Here are Phillip’s notes from last week: On the 12th of August we did our earliest (in the month) pick ever by going through the Tempranillo and Viognier and hand selecting only ripe bunches, which on average we had 1 to 2 ripe bunches per vine. It felt too early in the season as there where plenty of what seemed to be unripe fruit still hanging. However, the results in the winery showed the fruit we picked was indeed ready with perfect sugar, pH and total acidity levels. Armed with these results and perfect weather over the next few days-ripening the remaining fruit very quickly (as the birds continued to bring to our attention to)-we picked again on the 16th. A terrific crew turned out to help on a perfect Paso morning. The crop load on these two varieties was similar to last year-very light, about 1/2 ton an acre (please let it rain a little more this year!)-so the pick was fast and we were through by 8:30. The grappa didn’t stand a chance though, that was finished by 8.

Photo above: just stomped Tempranillo; photo below: 3 day old sourdough culture

Thank you to our annual volunteer and Mary’s garden mentor: Swantje! It was her brilliant idea to get a sourdough starter “brewing” using yeast from our grapes. So while Phillip was pressing off the Viognier, Mary and Swantje were busy in the kitchen assembling the “mother”. Using Nancy Silverton’s Breads of the La Brea Bakery as a guide we started the fermentation with a cluster of just picked Tempranillo grapes. It is a simple recipe to follow, but it takes commitment. As of this writing, Mary is on day 11 of a 15 day starter-feeding the starter 3 times a day to get it ready for baking. It is an interesting process to watch (and smell…”whoo wee, stinky poo” is a common expression here, especially with a 2 year old saying it!). It is actually a miracle, to witness the transformation of something because of yeast. Don’t be shy to ask for some starter for yourself…there’s plenty!

Sunday, August 23rd we applied Biodynamic Prep 501 (horn silica) on the Mourvedre, Counoise and Roussanne in all 4 vineyards. These grapes are typically late to ripen so the 501 early in the morning acts to add available light intake into the plant and aid the ripening process. We sprayed an egg shell tea on all of the remaining vineyards with fruit. This does the same thing as 501, but in a milder degree. All of these plants will ripen in the near future so they don’t need as much encouragement as the Mourvedre, Counoise and Roussanne. We had 6 brave volunteers arrive at 6 a.m. for a 1 hour stirring to aerate the silica before applying it to the vineyards with backpack sprayers by foot.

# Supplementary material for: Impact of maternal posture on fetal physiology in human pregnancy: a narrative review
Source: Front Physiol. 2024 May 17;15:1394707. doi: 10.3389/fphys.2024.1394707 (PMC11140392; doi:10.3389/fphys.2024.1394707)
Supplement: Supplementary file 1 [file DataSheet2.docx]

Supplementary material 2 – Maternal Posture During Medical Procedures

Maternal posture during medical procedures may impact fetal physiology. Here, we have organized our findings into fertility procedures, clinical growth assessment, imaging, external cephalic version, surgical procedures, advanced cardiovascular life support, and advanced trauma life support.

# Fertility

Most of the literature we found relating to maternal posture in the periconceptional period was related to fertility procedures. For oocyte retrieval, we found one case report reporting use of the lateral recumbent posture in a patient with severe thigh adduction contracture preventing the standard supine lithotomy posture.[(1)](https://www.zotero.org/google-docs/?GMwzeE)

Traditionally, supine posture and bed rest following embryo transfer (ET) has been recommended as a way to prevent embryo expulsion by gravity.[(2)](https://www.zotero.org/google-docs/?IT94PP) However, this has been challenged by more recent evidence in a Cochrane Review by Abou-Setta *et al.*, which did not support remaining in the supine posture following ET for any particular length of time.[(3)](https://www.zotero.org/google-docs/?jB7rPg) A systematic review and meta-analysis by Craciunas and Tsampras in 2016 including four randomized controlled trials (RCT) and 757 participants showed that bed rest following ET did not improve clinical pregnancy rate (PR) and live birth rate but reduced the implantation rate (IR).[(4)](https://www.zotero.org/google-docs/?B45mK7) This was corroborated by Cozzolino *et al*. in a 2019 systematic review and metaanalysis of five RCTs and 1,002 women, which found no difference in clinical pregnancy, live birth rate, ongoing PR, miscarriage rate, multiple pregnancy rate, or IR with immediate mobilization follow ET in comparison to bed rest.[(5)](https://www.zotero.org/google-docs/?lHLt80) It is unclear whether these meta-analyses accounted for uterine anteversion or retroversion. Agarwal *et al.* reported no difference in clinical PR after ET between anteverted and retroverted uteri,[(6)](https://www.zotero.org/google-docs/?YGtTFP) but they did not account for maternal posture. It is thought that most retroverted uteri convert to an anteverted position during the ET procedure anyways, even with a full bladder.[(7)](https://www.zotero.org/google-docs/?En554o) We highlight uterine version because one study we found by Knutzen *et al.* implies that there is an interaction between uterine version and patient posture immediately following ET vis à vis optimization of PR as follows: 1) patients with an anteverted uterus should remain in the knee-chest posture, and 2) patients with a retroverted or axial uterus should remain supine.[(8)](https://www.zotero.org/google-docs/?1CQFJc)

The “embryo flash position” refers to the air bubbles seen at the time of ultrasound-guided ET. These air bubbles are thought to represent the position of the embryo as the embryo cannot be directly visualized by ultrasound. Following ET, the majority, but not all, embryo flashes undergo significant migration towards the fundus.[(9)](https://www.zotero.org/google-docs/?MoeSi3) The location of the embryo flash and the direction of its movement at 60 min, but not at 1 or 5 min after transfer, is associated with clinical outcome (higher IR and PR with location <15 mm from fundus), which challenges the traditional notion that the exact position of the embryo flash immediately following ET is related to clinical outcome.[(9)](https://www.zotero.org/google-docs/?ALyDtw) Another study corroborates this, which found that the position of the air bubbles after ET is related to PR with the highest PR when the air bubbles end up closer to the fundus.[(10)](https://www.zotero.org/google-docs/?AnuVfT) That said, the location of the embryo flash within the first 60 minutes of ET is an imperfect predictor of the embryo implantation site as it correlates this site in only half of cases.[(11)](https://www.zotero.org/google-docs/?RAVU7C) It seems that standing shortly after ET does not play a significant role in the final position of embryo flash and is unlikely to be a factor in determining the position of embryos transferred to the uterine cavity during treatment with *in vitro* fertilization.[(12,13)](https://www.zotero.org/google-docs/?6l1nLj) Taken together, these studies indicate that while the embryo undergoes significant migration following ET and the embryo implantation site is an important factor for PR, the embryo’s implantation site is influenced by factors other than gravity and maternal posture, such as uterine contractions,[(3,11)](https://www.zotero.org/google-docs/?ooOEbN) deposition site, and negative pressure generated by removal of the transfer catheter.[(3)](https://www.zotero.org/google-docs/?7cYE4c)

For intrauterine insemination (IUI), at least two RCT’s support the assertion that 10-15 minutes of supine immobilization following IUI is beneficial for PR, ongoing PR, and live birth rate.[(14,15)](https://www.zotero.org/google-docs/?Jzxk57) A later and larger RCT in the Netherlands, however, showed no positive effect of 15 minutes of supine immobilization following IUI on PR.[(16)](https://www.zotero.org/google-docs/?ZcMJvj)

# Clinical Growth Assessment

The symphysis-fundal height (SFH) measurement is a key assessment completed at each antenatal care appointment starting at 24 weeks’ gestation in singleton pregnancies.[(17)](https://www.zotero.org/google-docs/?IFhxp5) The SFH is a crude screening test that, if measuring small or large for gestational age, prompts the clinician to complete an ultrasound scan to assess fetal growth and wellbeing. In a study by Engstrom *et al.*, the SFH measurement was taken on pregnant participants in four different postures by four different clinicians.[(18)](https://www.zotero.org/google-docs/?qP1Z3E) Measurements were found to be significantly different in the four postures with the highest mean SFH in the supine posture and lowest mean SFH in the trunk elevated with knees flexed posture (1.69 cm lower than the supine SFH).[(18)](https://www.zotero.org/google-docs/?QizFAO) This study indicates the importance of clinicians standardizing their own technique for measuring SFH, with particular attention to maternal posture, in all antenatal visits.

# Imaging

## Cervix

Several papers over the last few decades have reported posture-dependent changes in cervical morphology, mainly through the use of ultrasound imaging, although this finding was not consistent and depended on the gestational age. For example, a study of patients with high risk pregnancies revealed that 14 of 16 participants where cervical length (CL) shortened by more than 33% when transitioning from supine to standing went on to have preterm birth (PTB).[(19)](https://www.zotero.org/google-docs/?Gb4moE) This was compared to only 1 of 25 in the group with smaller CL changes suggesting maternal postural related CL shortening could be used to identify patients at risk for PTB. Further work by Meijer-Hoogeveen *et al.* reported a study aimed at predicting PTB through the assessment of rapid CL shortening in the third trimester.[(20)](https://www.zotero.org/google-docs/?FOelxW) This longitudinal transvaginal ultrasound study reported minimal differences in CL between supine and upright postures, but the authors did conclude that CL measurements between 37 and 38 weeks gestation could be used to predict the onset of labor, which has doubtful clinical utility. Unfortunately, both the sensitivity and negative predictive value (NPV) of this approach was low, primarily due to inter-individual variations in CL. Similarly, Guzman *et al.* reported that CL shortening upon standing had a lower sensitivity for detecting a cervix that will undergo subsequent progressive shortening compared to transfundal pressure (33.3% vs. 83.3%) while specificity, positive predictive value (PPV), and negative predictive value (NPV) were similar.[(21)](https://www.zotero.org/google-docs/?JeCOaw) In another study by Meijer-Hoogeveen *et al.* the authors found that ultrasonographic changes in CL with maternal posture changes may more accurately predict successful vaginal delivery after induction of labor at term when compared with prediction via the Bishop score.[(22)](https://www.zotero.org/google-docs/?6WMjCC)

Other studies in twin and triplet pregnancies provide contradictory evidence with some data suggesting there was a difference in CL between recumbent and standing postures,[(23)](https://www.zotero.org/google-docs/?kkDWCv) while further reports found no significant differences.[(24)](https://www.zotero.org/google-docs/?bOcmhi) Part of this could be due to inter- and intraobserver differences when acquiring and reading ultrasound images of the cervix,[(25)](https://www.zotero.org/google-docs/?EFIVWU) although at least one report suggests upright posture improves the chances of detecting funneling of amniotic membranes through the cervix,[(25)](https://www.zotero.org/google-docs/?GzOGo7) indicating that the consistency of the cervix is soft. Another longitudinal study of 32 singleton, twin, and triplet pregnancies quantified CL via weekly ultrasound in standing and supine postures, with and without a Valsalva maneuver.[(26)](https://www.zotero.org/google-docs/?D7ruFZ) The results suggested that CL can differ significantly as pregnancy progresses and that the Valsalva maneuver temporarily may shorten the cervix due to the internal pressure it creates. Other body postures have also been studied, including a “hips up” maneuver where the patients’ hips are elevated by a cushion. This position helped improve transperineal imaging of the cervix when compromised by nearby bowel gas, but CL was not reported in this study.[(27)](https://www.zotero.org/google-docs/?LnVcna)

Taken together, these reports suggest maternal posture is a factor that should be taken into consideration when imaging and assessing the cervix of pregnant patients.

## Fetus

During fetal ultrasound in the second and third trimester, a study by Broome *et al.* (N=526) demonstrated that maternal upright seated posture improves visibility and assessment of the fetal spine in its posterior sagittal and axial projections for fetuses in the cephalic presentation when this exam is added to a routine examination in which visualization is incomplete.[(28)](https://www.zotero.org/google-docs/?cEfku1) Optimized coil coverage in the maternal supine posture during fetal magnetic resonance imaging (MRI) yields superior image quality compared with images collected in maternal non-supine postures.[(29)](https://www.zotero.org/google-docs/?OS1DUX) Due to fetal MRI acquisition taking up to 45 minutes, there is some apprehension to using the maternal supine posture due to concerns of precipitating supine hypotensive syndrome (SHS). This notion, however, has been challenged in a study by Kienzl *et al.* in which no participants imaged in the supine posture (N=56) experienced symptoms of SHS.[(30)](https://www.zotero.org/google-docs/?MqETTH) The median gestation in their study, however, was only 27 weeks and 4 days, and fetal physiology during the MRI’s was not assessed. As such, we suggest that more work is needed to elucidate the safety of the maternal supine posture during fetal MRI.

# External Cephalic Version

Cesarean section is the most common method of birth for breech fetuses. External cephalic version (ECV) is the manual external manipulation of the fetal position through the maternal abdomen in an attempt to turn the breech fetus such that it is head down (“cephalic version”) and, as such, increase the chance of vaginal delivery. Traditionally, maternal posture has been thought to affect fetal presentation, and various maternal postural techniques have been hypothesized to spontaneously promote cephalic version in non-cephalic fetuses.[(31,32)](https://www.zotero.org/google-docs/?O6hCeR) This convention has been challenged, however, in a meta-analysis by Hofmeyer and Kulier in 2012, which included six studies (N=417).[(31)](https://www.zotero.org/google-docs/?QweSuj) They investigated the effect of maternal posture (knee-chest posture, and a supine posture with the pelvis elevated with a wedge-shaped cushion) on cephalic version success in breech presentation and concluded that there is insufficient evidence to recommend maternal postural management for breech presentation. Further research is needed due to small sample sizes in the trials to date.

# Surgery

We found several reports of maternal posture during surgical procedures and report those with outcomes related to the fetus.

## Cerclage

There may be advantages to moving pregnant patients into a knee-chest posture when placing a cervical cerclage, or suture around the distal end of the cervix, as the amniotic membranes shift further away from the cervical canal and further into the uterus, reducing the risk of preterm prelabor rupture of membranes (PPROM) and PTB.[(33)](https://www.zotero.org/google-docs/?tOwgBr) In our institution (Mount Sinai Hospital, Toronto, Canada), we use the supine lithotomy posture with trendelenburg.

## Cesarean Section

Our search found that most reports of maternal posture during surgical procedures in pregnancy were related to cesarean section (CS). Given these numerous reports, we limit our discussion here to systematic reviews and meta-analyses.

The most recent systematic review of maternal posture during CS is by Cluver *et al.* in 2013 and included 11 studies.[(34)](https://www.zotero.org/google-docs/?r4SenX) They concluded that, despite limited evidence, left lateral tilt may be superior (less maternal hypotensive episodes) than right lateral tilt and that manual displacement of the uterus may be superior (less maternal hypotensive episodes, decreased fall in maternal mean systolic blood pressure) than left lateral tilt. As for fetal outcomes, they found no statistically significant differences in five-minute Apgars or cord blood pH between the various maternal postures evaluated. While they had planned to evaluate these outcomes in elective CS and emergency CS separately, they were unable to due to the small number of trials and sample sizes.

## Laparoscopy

Photo above: Ian and Bryan stirring in a barrel; photo below: Charissa, Yen, Amiee and Kumiko

As far as the ongoing battle with powdery mildew, in the last month we treated individual plants in the Mourvedre with the mildest solution of Milstop, a potassium based anti-fungal agent approved by Demeter. We didn’t want to apply it as a general spray throughout the vineyards, as so many plants seemed to not be affected. The system seems to have worked as the problem appears to be in remission. However, the Grenache Blanc is a different story: it has a heavy crop with no powdery mildew showing on any fruit at all, but with quite a few plants showing it on the canes. We decided to treat all of these plants with the minimum spray required. As we hand sprayed each plant individually, we applied varying quantities depending on its size and possible visible problem. So far this year, we have removed all of the fruit from only 1 Tempranillo plant we thought wasn’t good for picking. Our approach is a good start, but next year we’re going to apply preventative teas earlier and more frequently to see if we can nip it in the bud (excuse the pun!).

The morning concluded with an incredible breakfast made by Lety, as she puts it, “A Mexican, Mexican breakfast, from Vera Cruz”. Unfortunately, some Minute Maid orange juice made it to the table (not quite Mexican, Mexican), but we also shared AmByth harvest wine (a special wine Phillip makes just for our harvest volunteers) and Corona. She served an incredible casserole made with tortillas (that has affectionately been dubbed “Mexican Lasagna” by our middle son, Morgan). It was delicious, and such an incredible conclusion to a morning full of hard work.